Wednesday, December 18, 2002

What is cost?

It's useful to contrast this nostalgic piece on rural America with this article concerning water rights in California. Essentially, the subsidized farmers in the Imperial Valley pay $15.50 per acre-foot for water, while nearby San Diego pays $258 an acre-foot. So, what is the real cost of water to Imperial Valley farmers?

"Cost" is not about money, it's about what you have to give up to get something else, and money is merely a medium of exchange. One way to think about rich people is that "they have a lot of money", and another way to think about it is "everything, to them, is cheap" because they don't have to give up much to get stuff. This means the "subsidized" Imperial Valley farmers actually pay $258 per acre-foot for their water because this is the amount of money they have to give up by not selling their water to San Diego for that price. That's a healthy chunk of change, and I don't think most Imperial Valley farmers value water that much.

Which brings us back to the nostalgia piece. If the value of something you own goes up, then so does the cost of you using that thing (because you bear the opportunity cost of not selling it to someone else). And if you don't use that resource in the most productive way, then you bear the costs of that inefficiency too. That's not to say the cost may not be worth it, but let's be honest about the cost being there. The only folks who can make a cost/benefit trade-off are those who enjoy all the benefits and bear all the costs. Nostalgics, like tourists, do not fit in this category and so are unreliable guides to "what is best"--their sense of "what makes me feel most good" is too short and narrow to make a useful proxy.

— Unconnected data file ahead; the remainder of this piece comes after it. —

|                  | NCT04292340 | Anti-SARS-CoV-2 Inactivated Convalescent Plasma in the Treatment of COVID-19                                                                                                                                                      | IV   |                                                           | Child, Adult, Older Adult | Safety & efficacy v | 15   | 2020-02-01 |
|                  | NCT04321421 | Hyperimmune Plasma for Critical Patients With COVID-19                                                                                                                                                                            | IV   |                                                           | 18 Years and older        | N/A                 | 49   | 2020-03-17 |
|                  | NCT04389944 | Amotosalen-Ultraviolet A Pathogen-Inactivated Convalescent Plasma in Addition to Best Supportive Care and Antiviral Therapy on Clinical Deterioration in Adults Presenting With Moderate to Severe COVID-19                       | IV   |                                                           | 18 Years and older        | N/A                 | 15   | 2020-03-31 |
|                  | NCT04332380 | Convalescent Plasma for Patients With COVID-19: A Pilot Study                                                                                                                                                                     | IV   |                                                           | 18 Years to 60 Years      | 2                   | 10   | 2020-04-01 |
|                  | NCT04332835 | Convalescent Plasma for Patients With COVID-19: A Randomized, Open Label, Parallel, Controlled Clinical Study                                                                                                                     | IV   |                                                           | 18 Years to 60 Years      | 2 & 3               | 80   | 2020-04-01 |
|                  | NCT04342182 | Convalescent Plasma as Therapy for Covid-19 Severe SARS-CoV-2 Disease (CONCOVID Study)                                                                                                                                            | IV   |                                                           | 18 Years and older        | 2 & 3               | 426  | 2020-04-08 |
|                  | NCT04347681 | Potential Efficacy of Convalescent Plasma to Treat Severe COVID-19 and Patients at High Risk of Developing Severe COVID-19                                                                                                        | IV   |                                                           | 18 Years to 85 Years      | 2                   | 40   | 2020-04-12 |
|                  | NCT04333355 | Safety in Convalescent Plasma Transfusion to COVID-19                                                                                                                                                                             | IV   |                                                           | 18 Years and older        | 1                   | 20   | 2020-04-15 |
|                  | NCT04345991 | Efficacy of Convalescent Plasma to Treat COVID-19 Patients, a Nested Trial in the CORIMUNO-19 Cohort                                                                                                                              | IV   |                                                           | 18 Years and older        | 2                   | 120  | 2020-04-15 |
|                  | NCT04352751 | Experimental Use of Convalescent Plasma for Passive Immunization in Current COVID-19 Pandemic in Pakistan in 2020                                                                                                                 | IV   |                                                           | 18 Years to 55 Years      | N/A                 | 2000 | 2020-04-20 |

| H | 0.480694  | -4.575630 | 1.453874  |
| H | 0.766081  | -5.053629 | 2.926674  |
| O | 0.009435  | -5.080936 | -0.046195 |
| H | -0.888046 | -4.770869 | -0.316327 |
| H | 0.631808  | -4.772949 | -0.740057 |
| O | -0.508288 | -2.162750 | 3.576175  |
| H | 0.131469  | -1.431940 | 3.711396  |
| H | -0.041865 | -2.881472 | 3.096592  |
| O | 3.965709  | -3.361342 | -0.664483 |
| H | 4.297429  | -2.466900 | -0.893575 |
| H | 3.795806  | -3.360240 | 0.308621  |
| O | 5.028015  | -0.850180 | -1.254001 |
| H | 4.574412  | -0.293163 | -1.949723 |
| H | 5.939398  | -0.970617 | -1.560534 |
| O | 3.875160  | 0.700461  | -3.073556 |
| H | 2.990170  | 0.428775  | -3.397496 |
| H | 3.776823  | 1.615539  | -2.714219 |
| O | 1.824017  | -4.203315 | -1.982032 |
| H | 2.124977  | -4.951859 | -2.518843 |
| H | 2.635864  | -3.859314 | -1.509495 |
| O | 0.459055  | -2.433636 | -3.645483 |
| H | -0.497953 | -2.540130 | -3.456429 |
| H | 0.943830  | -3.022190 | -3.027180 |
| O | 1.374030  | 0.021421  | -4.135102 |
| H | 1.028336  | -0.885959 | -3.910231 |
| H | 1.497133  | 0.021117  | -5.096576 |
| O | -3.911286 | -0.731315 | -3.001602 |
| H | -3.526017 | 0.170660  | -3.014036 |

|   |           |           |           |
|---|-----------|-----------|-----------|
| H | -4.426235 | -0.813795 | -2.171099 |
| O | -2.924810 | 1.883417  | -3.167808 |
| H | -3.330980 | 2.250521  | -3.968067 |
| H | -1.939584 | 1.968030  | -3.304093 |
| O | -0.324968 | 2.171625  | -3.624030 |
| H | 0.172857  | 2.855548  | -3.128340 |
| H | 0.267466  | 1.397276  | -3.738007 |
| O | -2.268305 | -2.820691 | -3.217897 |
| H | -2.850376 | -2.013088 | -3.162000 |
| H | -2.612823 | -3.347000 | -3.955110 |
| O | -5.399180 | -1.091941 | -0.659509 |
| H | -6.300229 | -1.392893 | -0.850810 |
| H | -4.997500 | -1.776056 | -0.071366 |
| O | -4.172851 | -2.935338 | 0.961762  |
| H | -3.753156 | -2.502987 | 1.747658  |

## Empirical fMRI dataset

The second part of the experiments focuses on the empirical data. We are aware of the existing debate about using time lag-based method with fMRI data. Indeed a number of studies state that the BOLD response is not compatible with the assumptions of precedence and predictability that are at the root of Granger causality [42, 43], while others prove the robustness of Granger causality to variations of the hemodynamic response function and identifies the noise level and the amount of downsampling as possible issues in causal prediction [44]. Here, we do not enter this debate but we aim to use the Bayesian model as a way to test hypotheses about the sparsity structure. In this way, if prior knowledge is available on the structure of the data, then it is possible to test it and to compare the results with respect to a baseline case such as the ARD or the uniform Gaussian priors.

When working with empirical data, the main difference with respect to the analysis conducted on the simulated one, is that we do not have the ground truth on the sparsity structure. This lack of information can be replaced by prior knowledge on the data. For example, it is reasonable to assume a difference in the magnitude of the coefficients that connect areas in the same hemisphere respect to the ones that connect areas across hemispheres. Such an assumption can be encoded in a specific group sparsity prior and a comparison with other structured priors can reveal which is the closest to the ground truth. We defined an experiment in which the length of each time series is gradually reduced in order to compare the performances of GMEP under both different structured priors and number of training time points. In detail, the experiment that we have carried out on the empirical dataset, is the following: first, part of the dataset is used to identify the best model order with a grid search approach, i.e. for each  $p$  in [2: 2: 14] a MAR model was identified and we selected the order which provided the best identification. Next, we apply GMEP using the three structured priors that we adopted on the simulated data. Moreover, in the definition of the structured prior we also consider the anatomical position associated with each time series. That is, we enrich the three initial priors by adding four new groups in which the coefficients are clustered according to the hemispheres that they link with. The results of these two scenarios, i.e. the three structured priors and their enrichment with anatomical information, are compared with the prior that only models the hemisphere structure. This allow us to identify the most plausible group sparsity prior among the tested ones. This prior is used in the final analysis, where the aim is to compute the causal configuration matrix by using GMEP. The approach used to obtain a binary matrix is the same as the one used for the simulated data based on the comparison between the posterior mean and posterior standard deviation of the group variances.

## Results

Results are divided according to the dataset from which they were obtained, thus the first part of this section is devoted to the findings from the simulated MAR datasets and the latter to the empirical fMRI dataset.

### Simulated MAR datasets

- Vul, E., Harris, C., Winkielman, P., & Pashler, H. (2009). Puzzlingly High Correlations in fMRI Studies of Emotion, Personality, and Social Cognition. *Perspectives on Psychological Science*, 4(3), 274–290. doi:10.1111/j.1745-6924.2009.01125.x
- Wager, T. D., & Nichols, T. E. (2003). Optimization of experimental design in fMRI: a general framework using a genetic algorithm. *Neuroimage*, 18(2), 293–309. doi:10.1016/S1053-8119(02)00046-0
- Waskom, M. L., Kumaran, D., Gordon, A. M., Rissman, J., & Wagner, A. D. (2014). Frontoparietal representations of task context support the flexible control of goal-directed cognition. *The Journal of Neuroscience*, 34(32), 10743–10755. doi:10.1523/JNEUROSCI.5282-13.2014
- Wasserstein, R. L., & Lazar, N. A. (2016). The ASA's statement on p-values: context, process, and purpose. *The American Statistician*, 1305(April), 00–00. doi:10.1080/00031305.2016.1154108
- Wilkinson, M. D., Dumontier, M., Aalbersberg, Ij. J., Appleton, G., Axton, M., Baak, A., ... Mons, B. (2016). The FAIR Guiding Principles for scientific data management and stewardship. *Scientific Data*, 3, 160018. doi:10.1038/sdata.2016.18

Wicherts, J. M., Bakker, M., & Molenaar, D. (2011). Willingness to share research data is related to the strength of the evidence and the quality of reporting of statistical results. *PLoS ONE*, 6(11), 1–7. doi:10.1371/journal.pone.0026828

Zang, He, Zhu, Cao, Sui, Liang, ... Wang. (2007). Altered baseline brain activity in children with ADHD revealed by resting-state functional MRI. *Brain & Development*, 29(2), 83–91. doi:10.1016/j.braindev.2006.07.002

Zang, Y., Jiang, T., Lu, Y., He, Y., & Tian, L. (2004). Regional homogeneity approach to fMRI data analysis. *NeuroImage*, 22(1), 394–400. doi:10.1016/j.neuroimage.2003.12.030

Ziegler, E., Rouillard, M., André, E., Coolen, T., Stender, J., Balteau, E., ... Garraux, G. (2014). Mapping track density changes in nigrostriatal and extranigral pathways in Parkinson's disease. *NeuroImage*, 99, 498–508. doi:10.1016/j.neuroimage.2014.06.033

But that's not to say that nostalgia isn't a powerful force, nor does it mean there is not real disruption when reality changes prices and makes something that used to be cheap (rural American land) very expensive. Personally, I would prefer to see disenfranchised groups be paid off because it seems more humane than charging them $258 per acre-foot for "free" water. But there seems to be something deep about human psychology that makes economics (which is really pretty simple) often so counter-intuitive and emotionally distasteful. (link via Arnold Kling)


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